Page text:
The exposure and ongoing trial of a Cuban spy ring has revealed the largest espionage cell in the U.S. since the collapse of the Soviet Union, yet most of the establishment press — with the exception of the Miami Herald — has given scant coverage to the issue.

Five members of a 14-member espionage team called “La Red Avispa” — the Wasp Network — are on trial in a Miami federal courtroom following an exhaustive FBI investigation.

The Wasp Network engaged in a wide range of activities, including locating vulnerable points of entry into the state of Florida for the importation of arms and explosives, infiltration of the U.S. Southern Command, and the attempted subversion of anti-Communist organizations in the U.S.

After breaking up the network’s operations in September 1998, the FBI amassed some 10,000 pages of information on the Cuban espionage cell. Federal agents discovered that, among other projects, the members of the spy network counted planes outside a military base, attempted to send a letter-bomb to an anti-Castro activist, and placed one of their number — employed as a custodian — at the Boca Chica base of the Southern Command to observe military activity there.

Of the original 14, four fled and are believed to be in Cuba, five pleaded guilty and five have declared their innocence. Those pleading innocent said they were only keeping an eye on the anti-communist Cuban exiles.

Although the ring was engaged in classic acts of espionage, those who pleaded guilty, as well as the defendants standing trial, are not facing charges of spying, but rather are being charged as “unregistered foreign agents.”

The reputed spymaster of the Wasp Network, Gerardo Hernandez, is facing murder charges. Hernandez, who is also a captain in Cuba’s military intelligence, is charged with the deaths of four men shot down by Cuban MiG aircraft over the Florida Straits in February 1996.

The four men who were shot down had been members of the Cuban exile group, Brothers to the Rescue, which seeks to aid those opposed to the regime of Cuban President Fidel Castro.

Federal prosecutors allege that Hernandez provided the Cuban government with the flight plans of the plane the men were flying, enabling easy interception.

Sentences for those pleading guilty have run from 3? to 7 years in prison, despite pleas of contrition. According to a Miami Herald report, two of the confessed spies, Linda Hernandez and her husband Nilo, profess to having found a new appreciation for God and freedom.

Hernandez recounted that her espionage career began in 1992, when Cuban intelligence directed that she and her husband were to move from New York City to Miami.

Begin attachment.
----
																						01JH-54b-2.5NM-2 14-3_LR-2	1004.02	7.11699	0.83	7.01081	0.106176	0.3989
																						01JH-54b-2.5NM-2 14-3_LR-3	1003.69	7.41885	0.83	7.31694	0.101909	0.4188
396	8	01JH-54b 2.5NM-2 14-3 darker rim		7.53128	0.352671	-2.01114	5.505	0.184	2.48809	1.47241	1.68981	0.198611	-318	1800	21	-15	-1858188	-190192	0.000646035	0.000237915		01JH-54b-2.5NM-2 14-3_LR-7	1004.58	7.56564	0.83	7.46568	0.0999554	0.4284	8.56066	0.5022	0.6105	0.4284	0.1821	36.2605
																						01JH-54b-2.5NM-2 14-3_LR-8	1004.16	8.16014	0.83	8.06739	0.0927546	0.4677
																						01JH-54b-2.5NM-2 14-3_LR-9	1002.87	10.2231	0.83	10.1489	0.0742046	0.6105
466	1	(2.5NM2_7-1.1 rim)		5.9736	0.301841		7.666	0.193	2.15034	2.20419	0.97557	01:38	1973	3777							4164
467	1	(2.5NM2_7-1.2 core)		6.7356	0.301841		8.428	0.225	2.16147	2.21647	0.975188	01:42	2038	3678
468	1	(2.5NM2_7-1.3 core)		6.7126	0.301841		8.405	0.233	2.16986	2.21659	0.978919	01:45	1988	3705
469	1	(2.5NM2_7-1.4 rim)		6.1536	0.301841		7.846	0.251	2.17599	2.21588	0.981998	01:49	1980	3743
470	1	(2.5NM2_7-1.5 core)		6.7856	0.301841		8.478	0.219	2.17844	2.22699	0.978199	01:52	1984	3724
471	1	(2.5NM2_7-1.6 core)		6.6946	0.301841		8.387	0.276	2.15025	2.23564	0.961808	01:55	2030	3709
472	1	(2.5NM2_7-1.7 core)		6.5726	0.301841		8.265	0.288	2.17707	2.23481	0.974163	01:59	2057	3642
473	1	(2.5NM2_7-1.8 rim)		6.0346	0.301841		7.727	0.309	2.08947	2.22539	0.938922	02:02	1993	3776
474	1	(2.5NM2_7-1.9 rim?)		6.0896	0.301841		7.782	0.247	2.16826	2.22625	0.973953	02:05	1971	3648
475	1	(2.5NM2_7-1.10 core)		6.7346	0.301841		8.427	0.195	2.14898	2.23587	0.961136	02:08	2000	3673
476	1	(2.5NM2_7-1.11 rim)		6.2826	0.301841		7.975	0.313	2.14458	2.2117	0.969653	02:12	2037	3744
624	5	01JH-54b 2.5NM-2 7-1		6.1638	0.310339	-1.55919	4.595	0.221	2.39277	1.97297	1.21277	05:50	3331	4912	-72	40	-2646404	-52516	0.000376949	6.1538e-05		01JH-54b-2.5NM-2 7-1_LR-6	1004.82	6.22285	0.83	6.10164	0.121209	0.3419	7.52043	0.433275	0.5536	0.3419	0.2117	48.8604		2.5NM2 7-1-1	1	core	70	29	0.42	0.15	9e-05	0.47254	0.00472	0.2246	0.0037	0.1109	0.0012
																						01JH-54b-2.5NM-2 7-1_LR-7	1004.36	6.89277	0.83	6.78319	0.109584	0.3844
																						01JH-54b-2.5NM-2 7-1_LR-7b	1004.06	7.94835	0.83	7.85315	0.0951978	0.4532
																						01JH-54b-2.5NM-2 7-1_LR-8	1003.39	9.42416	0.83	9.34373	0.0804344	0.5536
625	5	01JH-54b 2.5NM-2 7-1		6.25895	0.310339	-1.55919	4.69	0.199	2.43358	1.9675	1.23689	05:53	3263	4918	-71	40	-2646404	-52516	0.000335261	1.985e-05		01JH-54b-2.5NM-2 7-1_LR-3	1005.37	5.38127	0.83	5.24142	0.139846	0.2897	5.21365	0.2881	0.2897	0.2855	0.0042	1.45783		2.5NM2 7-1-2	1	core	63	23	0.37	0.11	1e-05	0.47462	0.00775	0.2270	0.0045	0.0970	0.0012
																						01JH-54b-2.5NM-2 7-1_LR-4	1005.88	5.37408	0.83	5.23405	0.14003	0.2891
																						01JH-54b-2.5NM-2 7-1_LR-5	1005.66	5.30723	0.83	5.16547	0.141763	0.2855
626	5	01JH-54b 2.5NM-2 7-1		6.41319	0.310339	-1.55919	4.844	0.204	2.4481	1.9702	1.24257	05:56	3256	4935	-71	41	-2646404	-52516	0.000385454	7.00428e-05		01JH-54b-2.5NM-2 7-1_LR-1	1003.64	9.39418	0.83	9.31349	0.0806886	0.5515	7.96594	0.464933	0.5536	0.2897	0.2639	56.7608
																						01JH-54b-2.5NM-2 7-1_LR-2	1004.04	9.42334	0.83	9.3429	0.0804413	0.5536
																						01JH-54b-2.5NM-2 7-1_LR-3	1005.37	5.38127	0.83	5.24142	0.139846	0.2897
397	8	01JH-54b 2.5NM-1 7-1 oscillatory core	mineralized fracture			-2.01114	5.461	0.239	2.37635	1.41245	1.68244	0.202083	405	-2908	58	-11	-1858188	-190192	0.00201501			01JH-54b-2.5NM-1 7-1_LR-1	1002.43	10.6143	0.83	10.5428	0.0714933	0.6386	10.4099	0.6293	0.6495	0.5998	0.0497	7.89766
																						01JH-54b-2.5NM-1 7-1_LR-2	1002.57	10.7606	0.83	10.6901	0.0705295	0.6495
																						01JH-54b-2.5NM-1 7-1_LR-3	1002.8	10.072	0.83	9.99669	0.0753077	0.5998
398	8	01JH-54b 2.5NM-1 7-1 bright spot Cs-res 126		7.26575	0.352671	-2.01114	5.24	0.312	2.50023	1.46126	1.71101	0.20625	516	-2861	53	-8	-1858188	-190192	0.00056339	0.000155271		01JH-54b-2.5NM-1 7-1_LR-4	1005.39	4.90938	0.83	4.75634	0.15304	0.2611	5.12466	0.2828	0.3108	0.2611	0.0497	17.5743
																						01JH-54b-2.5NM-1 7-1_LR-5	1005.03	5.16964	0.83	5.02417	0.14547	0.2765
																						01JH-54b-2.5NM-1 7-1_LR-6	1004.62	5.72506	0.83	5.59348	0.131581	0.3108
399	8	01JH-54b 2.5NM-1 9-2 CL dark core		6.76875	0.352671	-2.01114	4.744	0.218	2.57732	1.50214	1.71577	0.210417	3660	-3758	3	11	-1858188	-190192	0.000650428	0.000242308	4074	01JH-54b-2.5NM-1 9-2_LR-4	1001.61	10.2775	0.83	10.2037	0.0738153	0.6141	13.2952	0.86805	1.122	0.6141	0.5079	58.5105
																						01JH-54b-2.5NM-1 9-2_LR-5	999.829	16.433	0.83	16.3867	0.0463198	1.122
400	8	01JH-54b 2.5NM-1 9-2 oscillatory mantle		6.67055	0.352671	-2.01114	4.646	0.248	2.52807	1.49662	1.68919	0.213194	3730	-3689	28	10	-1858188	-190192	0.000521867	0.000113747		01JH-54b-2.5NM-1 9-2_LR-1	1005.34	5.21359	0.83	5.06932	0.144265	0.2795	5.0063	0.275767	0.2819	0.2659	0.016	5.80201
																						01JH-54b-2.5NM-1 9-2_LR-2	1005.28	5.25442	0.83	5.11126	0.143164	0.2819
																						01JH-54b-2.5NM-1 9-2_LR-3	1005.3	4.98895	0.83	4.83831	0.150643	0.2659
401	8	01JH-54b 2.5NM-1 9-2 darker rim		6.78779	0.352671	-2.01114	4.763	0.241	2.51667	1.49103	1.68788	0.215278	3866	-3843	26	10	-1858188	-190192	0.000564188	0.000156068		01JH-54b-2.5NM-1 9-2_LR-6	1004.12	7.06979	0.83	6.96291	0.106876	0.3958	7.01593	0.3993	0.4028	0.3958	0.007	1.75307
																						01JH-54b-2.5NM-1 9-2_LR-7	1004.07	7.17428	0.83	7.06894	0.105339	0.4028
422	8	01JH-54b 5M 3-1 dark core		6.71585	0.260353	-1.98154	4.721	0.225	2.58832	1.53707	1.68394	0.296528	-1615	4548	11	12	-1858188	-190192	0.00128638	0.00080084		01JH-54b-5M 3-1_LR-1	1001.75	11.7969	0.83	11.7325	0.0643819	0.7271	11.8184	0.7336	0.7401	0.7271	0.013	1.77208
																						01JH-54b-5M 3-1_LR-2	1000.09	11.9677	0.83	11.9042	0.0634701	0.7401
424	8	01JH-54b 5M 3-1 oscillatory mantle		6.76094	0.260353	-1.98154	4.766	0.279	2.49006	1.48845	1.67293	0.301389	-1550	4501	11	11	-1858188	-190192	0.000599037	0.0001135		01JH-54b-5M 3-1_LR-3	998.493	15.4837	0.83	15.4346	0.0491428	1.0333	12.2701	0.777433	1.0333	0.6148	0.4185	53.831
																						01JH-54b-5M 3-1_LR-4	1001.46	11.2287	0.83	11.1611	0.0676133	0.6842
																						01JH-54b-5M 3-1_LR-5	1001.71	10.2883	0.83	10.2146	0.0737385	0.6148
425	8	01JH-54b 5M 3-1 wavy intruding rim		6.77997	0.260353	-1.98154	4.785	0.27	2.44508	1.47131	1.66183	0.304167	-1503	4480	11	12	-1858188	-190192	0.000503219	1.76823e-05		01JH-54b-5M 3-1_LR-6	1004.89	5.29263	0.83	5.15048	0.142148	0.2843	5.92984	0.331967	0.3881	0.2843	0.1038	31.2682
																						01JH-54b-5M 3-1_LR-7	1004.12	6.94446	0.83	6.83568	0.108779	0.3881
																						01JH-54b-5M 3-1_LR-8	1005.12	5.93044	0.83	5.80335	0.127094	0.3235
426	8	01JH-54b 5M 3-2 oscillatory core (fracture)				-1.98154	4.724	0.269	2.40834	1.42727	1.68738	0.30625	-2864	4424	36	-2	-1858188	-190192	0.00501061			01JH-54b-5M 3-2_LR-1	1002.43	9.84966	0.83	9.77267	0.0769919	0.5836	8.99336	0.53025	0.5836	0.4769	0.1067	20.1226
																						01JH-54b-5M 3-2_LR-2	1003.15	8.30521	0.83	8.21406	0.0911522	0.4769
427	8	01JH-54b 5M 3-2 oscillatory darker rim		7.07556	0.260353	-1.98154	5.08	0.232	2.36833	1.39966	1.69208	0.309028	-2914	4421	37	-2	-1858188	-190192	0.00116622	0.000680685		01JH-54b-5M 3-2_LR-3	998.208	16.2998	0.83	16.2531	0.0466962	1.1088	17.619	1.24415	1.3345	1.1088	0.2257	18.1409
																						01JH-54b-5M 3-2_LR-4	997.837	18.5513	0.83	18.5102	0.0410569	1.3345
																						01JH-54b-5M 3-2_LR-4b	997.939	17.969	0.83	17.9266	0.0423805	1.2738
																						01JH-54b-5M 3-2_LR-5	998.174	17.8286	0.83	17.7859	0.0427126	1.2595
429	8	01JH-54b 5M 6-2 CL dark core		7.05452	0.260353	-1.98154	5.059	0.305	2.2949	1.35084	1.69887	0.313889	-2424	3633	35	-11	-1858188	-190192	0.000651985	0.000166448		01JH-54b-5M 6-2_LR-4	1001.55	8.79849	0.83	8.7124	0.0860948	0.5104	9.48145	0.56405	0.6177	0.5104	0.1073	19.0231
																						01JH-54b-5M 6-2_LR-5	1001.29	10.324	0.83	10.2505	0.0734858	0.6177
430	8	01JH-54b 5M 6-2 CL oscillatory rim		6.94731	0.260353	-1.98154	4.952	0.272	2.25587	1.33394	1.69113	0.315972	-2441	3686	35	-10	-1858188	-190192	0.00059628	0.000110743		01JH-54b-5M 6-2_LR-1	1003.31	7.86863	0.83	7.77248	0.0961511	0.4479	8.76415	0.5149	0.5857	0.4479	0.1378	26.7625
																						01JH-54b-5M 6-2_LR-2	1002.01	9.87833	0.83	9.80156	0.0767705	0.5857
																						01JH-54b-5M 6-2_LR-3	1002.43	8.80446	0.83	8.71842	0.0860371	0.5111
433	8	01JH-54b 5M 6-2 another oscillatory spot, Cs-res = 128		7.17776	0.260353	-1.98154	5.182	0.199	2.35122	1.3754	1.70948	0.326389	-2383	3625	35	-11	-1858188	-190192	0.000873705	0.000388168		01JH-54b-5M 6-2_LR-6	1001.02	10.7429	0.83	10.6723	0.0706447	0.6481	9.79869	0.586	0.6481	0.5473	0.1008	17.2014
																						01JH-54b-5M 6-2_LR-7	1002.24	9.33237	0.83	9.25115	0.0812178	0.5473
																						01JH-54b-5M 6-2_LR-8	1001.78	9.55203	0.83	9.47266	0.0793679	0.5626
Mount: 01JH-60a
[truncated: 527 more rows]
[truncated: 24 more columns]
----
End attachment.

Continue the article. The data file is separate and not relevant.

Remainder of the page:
Although born in the U.S., Hernandez returned to Cuba shortly before the communist takeover, and spent her youth in Cuba, returning to the U.S. in the mid-’80s. In declaring her sorrow for her actions, Hernandez stated that the Cuban government “controlled every move and thought” of those living under it.

How deeply Cuban foreign intelligence has penetrated into the United States remains unclear. When WorldNetDaily asked about other Cuban intelligence cells in the U.S., Miami FBI spokeswoman Judy Orihuela refused to speculate on their existence or possible extent of activities.

Although FBI documentation on the Wasp Network is voluminous, Orihuela is unable to comment about the impact of the group on U.S. security, as trial judge Joan A. Lenard has issued a “gag order” on all aspects of the proceedings. Similarly, the U.S. attorney’s office is unable to comment on the spy trial.

When contacted by WND, Mariela Ferrentti, spokeswoman for the Cuban American National Foundation, a leading Cuban exile group, declared “vindication of the Cuban American community” based upon what has already come to light from the investigation of the Wasp Network.

Ferrentti says what is currently known about Cuban intelligence activities is “nowhere near” the actual lengths “to which [Cuban] agents are going [in order] to wage war against the people of the U.S.”

The trial of the Wasp Network members comes at a particularly inopportune time for the Cuban government. Havana is concentrating on the abolition of U.S. sanctions against the island — described as “genocidal” by the Cuban government, despite a 5.6 percent increase in its gross domestic product this year — and the repeal of the Cuban Adjustment Act, which allows asylum for any Cuban reaching U.S. land.

The Wasp Network’s activities, however, take on a special relevance in light of the visit last month in Cuba of the chief of the general staff of China’s Peoples Liberation Army. While in Havana, Gen. Fu Quanyou proclaimed that he hoped his visit would “strengthen bilateral ties between both [Cuban and Chinese] armies [which are] in search of the common goal of building socialism.”

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